I've noticed that in the Task Manager of Windows 7, I have multiple running instances (2) of rundll32.exe. Does this necessarily means that my machine is infected by a malware as noted here: http://www.revthatup.com/how-to-fix-rundll32-exe/

Notice that I did a restore to the factory image that reside on separate partition. Could these kind of partitions also be affected by viruses?

Additionally, even after the factory restore, I am always getting an error message indicating that rundll32.exe stopped working at Windows 7 startup which seems very suspicious for a clean (?) installation.

  • A rootkit will reinstall malware at boot time but without a lot more information this is only one possibility.
    – user18163
    Commented Dec 28, 2012 at 16:27

3 Answers 3


It could be a virus, or could just be a program that needs to be run within a rundll32. You could have more information on what's being run by using Sysinternal's Process Explorer : click on each rundll32, and see its properties, or which filehandles it is using (could be tricky determining what is legit, and what is not...)

  • Using the recommended tool I was able to check these two instances of rundll32.exe, and there wasn't anything suspicious on the "DLL" view. Most of the DLLs are from Microsoft corporation. There are some of them which are not signed, but they reside in the C:\WINDOWS (sub)directories which probably seems fine. In the "Handlers" view there are a lot of entries which I don't have an idea how to interpret.
    – jilt3d
    Commented Dec 28, 2012 at 16:06
  • 1
    It's quite difficult to judge if things are ok or not, but at least if the "properties" shows you that it is running an "innocuous" command inside, then it should be fine. If you have reasons to believe otherwise, then a wipe/reinstall is almost always the best way to solve it (as once you get something bad, that something can hide itself and prevent you from knowing if you eradicated it or simply eradicated the obvious (and sometimes left visible on purpose) parts of it...) Commented Dec 28, 2012 at 16:09
  • The first rundll32.exe has a command parameter: "C:\Program Files (x86)\Intel\Bluetooth\btmshell.dll",TrayApp and the second one - C:\Windows\system32\AmbRunE.dll,RunDLLEntry
    – jilt3d
    Commented Dec 28, 2012 at 16:15
  • 1
    Both of those look like legitimate DLLs. The first is part of Intel's Bluetooth support, and the second is part of a driver (I'd guess sound?) by Creative Technologies.
    – Polynomial
    Commented Dec 28, 2012 at 17:43

rundll32 is a part of Windows used to invoke functions in dll's that are explicitly meant to be called by them (meaning that you can run them from a command line/command line script, or from an executable without linking against the dll that the required function is contained in). For a mor in-depth explanation, see the MS Knowledge Base.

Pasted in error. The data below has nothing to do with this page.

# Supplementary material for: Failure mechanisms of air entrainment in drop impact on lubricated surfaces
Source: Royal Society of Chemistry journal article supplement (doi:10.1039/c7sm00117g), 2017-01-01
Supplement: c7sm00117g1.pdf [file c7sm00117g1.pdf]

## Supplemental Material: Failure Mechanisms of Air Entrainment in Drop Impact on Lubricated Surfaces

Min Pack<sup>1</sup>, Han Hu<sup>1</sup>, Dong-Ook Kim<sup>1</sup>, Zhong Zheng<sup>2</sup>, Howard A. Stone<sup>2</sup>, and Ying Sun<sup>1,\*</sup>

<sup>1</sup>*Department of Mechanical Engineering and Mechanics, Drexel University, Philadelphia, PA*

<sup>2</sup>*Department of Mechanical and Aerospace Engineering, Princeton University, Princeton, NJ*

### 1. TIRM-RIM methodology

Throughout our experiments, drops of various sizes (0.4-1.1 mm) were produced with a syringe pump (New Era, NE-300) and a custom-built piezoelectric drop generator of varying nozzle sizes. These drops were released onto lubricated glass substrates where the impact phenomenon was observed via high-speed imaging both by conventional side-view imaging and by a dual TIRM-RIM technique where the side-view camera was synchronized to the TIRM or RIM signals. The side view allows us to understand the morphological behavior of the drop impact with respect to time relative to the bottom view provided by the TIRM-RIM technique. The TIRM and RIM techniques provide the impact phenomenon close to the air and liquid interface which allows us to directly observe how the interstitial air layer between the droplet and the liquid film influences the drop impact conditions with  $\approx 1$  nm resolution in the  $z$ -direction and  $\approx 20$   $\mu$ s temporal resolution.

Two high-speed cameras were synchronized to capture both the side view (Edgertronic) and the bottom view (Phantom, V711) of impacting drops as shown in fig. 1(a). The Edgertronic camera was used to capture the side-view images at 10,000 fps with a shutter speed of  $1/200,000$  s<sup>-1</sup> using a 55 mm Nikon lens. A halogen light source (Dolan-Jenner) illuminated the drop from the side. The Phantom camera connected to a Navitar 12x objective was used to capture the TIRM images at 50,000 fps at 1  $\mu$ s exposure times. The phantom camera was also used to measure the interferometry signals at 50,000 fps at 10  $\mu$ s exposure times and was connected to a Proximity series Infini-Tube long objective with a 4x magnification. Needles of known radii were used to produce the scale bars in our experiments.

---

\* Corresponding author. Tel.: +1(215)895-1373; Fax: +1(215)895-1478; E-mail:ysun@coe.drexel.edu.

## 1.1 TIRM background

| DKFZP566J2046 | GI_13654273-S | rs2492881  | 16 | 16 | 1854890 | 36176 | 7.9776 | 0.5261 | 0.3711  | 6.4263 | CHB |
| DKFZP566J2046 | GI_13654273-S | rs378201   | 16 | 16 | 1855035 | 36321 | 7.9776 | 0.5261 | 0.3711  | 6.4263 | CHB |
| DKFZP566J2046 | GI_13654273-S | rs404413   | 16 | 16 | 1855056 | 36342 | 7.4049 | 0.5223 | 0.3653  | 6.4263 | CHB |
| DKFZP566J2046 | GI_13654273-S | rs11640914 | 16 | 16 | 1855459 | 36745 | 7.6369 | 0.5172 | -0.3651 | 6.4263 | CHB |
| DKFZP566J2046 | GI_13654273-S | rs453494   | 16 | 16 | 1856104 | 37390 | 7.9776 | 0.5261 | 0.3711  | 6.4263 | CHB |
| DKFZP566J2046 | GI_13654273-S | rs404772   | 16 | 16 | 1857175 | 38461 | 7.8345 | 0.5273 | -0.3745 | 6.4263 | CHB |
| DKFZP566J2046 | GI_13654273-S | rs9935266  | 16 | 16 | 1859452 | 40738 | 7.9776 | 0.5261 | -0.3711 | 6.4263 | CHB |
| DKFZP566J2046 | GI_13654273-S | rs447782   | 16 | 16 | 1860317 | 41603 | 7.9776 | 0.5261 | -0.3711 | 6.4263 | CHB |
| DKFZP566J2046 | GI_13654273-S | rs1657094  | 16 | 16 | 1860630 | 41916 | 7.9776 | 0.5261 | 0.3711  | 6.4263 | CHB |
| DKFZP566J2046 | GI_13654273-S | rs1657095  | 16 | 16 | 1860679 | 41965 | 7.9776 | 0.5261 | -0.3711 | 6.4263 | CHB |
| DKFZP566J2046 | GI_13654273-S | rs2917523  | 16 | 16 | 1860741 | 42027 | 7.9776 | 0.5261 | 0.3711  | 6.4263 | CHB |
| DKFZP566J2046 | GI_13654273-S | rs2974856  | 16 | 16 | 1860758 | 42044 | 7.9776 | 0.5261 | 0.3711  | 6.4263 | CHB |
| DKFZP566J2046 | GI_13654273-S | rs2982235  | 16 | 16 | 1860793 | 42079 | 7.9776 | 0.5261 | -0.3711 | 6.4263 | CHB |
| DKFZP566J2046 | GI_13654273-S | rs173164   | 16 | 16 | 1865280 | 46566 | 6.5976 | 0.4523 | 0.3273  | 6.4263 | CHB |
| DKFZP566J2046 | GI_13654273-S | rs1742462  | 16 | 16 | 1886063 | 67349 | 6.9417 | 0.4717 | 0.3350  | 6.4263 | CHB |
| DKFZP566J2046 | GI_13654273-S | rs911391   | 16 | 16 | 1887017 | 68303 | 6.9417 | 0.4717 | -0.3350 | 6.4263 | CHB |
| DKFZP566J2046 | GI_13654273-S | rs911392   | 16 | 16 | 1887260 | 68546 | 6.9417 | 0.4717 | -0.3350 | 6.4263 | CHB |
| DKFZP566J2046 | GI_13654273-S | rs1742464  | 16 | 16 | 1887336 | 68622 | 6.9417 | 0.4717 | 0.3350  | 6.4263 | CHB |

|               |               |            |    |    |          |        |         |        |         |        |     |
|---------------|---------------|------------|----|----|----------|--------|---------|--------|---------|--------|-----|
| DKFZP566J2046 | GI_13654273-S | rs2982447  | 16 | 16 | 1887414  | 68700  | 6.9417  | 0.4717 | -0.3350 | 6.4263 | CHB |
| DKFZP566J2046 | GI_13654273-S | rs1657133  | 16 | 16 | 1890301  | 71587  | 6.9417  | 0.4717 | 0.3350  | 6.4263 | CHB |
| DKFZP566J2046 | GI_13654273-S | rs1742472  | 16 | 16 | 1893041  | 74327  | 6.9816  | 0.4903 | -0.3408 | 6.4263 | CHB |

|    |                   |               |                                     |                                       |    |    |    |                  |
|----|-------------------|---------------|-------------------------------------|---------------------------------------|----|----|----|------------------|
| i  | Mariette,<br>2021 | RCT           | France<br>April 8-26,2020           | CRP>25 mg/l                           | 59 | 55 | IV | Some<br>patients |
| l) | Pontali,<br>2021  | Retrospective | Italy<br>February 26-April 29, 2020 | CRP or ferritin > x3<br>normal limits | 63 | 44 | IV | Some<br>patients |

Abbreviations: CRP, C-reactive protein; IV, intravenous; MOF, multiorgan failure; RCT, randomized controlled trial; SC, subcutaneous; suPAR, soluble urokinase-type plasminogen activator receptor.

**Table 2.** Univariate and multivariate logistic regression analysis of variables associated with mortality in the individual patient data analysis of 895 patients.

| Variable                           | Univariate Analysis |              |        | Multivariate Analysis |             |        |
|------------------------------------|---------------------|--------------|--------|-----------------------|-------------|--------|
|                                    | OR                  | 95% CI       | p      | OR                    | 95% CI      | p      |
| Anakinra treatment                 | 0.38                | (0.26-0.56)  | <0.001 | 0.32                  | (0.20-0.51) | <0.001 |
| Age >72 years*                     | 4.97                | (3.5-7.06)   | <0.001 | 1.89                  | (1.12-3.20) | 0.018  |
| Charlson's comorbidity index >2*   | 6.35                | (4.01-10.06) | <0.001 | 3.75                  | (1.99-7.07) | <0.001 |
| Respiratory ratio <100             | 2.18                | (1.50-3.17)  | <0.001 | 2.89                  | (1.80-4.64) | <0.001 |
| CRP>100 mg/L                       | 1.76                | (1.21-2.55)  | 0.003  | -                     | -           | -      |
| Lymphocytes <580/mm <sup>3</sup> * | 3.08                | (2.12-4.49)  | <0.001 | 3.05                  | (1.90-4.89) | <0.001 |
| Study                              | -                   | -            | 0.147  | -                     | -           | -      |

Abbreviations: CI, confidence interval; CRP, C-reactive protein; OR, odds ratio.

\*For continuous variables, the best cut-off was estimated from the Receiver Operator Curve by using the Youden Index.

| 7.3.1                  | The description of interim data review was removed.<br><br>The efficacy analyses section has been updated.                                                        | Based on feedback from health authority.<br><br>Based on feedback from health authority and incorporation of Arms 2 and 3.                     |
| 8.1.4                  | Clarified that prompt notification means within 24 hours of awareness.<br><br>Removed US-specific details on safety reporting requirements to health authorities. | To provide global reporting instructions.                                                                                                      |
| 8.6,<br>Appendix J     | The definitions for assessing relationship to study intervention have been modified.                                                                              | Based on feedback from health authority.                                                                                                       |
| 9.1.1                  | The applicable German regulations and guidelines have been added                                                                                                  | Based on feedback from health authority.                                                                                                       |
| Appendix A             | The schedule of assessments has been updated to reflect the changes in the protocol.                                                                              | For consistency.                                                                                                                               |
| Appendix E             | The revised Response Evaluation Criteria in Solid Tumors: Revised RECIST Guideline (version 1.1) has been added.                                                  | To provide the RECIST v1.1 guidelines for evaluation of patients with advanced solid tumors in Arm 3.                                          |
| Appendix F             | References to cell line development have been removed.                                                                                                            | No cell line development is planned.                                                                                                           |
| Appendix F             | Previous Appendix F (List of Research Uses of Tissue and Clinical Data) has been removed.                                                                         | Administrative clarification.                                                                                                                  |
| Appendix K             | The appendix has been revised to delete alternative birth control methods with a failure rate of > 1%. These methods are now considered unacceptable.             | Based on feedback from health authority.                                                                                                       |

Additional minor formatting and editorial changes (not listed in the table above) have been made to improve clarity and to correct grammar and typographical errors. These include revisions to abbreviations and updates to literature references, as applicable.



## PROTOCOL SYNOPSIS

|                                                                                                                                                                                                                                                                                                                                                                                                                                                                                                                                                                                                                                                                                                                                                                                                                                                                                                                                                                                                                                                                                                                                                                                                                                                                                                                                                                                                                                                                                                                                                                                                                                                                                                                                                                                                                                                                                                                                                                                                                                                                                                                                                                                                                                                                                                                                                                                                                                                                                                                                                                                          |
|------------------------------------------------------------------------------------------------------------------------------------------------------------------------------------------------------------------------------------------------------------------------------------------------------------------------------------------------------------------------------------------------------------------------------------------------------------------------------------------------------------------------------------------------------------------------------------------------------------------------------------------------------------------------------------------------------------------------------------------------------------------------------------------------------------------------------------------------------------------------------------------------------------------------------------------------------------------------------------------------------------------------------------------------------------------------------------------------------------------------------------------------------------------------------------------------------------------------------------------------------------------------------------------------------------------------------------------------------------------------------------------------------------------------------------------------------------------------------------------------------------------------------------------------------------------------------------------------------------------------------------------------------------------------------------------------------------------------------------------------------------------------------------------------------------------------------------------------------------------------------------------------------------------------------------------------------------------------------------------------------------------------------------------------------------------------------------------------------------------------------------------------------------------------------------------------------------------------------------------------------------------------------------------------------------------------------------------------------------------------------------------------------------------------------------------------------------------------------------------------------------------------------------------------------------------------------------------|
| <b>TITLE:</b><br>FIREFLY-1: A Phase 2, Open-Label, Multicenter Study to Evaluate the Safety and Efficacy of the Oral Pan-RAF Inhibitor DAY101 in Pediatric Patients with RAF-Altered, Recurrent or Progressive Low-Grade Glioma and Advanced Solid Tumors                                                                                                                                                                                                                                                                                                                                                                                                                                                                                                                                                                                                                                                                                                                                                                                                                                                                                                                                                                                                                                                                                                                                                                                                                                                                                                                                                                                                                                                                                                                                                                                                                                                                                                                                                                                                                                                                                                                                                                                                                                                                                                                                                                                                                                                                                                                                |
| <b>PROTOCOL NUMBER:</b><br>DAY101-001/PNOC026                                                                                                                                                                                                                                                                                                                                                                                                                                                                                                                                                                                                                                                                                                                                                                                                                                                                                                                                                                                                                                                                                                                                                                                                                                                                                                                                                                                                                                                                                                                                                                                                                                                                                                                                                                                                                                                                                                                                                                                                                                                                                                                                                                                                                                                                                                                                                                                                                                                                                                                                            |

Also look here for a description of how you can adjust the table in your task manager to see the entire command line, and so which functions are actually being run by your rundll32. This will also tell you which rundll32.exe is being run (if one of them is in a strange folder, say C:\Program Files\whatever\rundll32.exe, that would likely be a problem. Both instances should have the same path (this may be different on 64bit systems which may have a separate 32bit version, I'm not sure about that).

The article that you link to is not good advice imho. While a changing symbol for rundll32 is a sign that tells you something is wrong, it is by no means certain that a modification of it would show up in this way!

Having multiple instances of rundll32 running at the same time is not very suspicious by itself.

Depending on the format used, factory images may be edited by malware, although I am by no means an expert on this and can't recall any such malware recently.

In terms of advice: First check the file paths of the running rundll32, then check which dll's/functions they are running. If you still have original recovery media (if not, you might be able to get some from your hardware vendor), recover your system from there instead of the hdd image if you're concerned about that.

  • Both rundll32.exe instances have full paths being: C:\WINDOWS\System32\rundll32.exe which seems OK. But having you said that "a changing symbol for rundll32 is a sign that tells you something is wrong" - indeed, the icon for the rundll32.exe is changed. Can we say that something is wrong?
    – jilt3d
    Commented Dec 28, 2012 at 15:37

OK, here's the deal. After some research, I've found that having multiples running instances of rundll32.exe, doesn't necessarily means that I am infected by a malware. By checking the parameters for each instance, you can identify which dll is loaded by the rundll32 instance in question. On Windows OS you can view this information from Task Manager -> Processes Tab -> View menu -> Select Columns -> Command Line. Make research for every parameter for each rundll32 instance.

Concerning the issue with rundll32 stopped working on Windows 7 - it was a driver issue related to Creative technologies. Many users of some Dell XPS laptops, encountered this problem especially after a factory reset, as in my case (which makes me think that the factory default image might not be infected, it is corrupted). I resolved the issue by invoking Creative Software AutoUpdate and let the tool update everything that is already installed.

You must log in to answer this question.

Not the answer you're looking for? Browse other questions tagged .